The Federal Energy Regulatory Commission (FERC) issued Order 2222 last week to open up the wholesale electricity markers to distributed energy resources, which could go down as a historic decision. The public is more and more choosing to opt for cost-competitive solar and/or energy storage solutions. This rule is an acknowledgment of that reality and provides clarity for grid operators on how to harness the energy and ancillary services they provide, says Katherine Gensler, vice president of regulatory affairs for the Solar Energy Industries Association (SEIA).
“Competition in our electricity markets is a critical part of our clean energy transformation,” Gensler says. “This rule will create jobs, drive local economies, and enable the solar industry to supply 20% of U.S. electricity generation by 2030.”
“This is a gamechanger,” stated Ravi Manghani, Wood Mackenzie’s head of solar. “Policy is leading technology for the first time, at least as it pertains to emerging DERs like vehicle to grid.”
Unfortunately, FERC is working against this principle in the nation’s capacity markets by continuing to erect barriers to the entry of new technologies in PJM and NYISO through the use of minimum offer price rules, says Gregory Wetstone, President and CEO of the American Council on Renewable Energy (ACORE).
“ While today’s order on distributed energy resources follows in the forward-thinking footsteps of Order No. 841 on energy storage, no market can be free until arbitrary resource-specific price floors are eliminated. We therefore encourage FERC to uphold and extend this same commitment to free and fair market competition by allowing the full participation of new technologies in the nation’s energy capacity markets.”
How we got here
Under the Federal Power Act, FERC is charged with ensuring that competition in the wholesale power markets is open and fair, resulting in wholesale electricity rates that are “just and reasonable and not unduly discriminatory or preferential.”
In early 2016, FERC began examining market barriers facing energy storage technologies. On Nov. 17, 2016, agreeing with Advanced Energy Economy, FERC issued a notice of proposed rulemaking (NOPR) proposing to remove barriers to the participation of both energy storage and aggregated DERs in organized wholesale electricity markets operated by RTOs and ISOs. On Feb. 15, 2018, FERC issued Order No. 841, directing RTOs/ISOs to remove barriers to the participation of energy storage resources, but elected to seek more information before finalizing a rule on DERs. The docket has been pending ever since.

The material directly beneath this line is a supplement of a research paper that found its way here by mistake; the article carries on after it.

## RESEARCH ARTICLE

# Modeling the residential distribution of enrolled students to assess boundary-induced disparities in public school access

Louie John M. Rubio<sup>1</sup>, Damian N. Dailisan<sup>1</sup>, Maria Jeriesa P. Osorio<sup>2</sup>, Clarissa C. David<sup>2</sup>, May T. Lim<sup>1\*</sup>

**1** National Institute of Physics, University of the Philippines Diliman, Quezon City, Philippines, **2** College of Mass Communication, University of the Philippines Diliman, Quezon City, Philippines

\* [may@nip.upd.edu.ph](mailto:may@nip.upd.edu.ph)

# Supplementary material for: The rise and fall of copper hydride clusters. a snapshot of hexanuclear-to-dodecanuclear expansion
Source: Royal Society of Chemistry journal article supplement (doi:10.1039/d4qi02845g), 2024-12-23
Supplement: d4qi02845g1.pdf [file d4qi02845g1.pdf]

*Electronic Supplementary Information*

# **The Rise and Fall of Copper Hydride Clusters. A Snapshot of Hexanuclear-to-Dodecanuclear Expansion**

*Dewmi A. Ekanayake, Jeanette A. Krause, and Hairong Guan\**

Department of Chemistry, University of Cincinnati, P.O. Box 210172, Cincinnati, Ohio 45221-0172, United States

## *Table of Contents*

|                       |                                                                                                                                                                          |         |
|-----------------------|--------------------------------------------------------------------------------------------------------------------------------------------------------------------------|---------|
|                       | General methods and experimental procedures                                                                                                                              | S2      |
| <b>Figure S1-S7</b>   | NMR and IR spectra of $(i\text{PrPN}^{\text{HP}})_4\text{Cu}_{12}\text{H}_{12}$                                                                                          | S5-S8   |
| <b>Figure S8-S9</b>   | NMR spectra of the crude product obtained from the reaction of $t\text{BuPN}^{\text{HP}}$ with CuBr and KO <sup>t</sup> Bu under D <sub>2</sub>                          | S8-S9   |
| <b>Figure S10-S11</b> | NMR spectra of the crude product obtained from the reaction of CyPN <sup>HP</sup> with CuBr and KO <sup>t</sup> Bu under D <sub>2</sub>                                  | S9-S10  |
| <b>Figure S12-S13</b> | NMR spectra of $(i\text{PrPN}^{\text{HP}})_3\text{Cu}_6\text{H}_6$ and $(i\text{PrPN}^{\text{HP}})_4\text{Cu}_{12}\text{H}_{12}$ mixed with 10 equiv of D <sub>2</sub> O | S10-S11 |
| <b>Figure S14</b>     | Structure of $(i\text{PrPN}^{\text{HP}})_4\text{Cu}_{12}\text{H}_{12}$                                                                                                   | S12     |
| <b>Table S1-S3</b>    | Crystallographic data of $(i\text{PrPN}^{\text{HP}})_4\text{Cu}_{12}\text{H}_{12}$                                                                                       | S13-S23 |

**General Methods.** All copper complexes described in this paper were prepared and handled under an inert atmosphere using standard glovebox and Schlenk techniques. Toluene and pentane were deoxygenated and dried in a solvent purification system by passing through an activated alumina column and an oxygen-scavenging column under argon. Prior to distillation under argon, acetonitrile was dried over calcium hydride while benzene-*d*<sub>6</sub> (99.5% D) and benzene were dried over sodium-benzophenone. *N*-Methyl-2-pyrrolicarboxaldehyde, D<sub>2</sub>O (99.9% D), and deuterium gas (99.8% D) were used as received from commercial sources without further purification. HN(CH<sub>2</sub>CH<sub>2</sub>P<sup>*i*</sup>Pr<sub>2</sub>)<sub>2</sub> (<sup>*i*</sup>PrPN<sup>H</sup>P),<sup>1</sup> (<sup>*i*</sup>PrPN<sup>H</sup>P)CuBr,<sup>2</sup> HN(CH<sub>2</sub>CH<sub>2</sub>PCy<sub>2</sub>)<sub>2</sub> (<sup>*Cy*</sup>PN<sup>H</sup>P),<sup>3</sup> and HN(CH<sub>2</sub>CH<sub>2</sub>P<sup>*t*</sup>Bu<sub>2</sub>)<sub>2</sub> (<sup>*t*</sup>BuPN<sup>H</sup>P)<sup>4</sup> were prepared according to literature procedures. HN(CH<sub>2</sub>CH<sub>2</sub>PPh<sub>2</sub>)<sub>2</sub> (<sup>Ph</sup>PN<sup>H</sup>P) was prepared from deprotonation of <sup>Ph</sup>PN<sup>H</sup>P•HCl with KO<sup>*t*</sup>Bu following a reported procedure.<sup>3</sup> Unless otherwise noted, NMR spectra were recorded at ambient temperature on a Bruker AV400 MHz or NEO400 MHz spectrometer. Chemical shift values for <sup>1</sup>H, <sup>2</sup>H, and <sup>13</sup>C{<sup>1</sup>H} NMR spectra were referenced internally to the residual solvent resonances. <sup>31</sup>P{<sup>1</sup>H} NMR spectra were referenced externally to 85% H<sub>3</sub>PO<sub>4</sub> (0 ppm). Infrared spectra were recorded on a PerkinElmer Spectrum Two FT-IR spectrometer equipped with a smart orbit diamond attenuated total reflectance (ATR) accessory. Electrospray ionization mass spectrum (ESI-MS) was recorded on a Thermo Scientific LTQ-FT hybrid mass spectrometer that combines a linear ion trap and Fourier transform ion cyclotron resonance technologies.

In addition to smaller energy storage resources not subject to Order 841, DERs include resources like rooftop solar, electric vehicles, and other technologies located on the distribution system or behind the customer’s meter. Individually, these resources are too small to participate in regional grid markets, but technology and software advancements have enabled companies to aggregate DERs at a scale and operability level that makes them a significant, flexible resource to be called upon by regional grid operators. Allowing them to participate in wholesale markets reduces overall consumer costs and improves the economics of DER adoption by increasing their utilization, deferring investments in other resources. Wholesale market participation also unlocks new business models that can expand DER production and adoption in the United States, and will drive reductions of carbon emissions.
Chairman Chatterjee with AEE provided a real-life example of how Order No. 2222 leverages the power of electric vehicles:
“Let me give you a real-life example of what we’re doing today. Think about electric vehicles, or EVs, for a moment. Estimates from EEI show there will be almost 19 million electric vehicles on the road in the United States by the end of this decade alone, and that’s on the low end of some of the projections I’ve seen. When those vehicles are charging, say, in our garages, they amount to a significant energy resource that could – over time, using the power of advanced technologies – be managed through aggregations to provide a range of services in our organized energy markets. They could provide energy and spinning reserves, or even frequency regulation. By unleashing the power of EVs in this way, we have the ability to further drive down costs in our markets and bolster grid resilience. That’s to say nothing of the added benefit of emissions reductions we could see from increased EV deployment.”
The key action now moves to individual regional transmission organisations (RTOs) and independent system operators (ISOs). Each ISO/RTO will interpret and implement tariffs based on their respective market realities.
Crucially, this order specifically offers an ‘opt-in’ option to small utilities, which was a huge issue in the storage order (FERC Order 841) – not having this caused delays and legal challenges. It will be worth keeping an eye on what portion of the utility market participants choose to opt-out.
According to FERC’s fact sheet, “Order No. 2222 takes effect 90 days after publication in the Federal Register. Grid operators must make compliance filings to FERC within 270 days of the effective date. Each compliance filing must propose an implementation plan appropriately tailored for its region and must outline how the final rule will be implemented in a timely manner.”
“Leaving possible implementation headaches aside, Order 2222 truly signals the dawn of DER dominance in competitive markets, opening a whole new set of revenue streams for DER owners and operators,” Manghani notes.
Elta Kolo, lead grid-edge research for Wood Mackenzie, added: “This opens up an opportunity for the whole market ecosystem to evolve. Software becomes critical here, for the economics especially. The order allows us to design for the future, even when we don’t know the full scale of what’s to come.”
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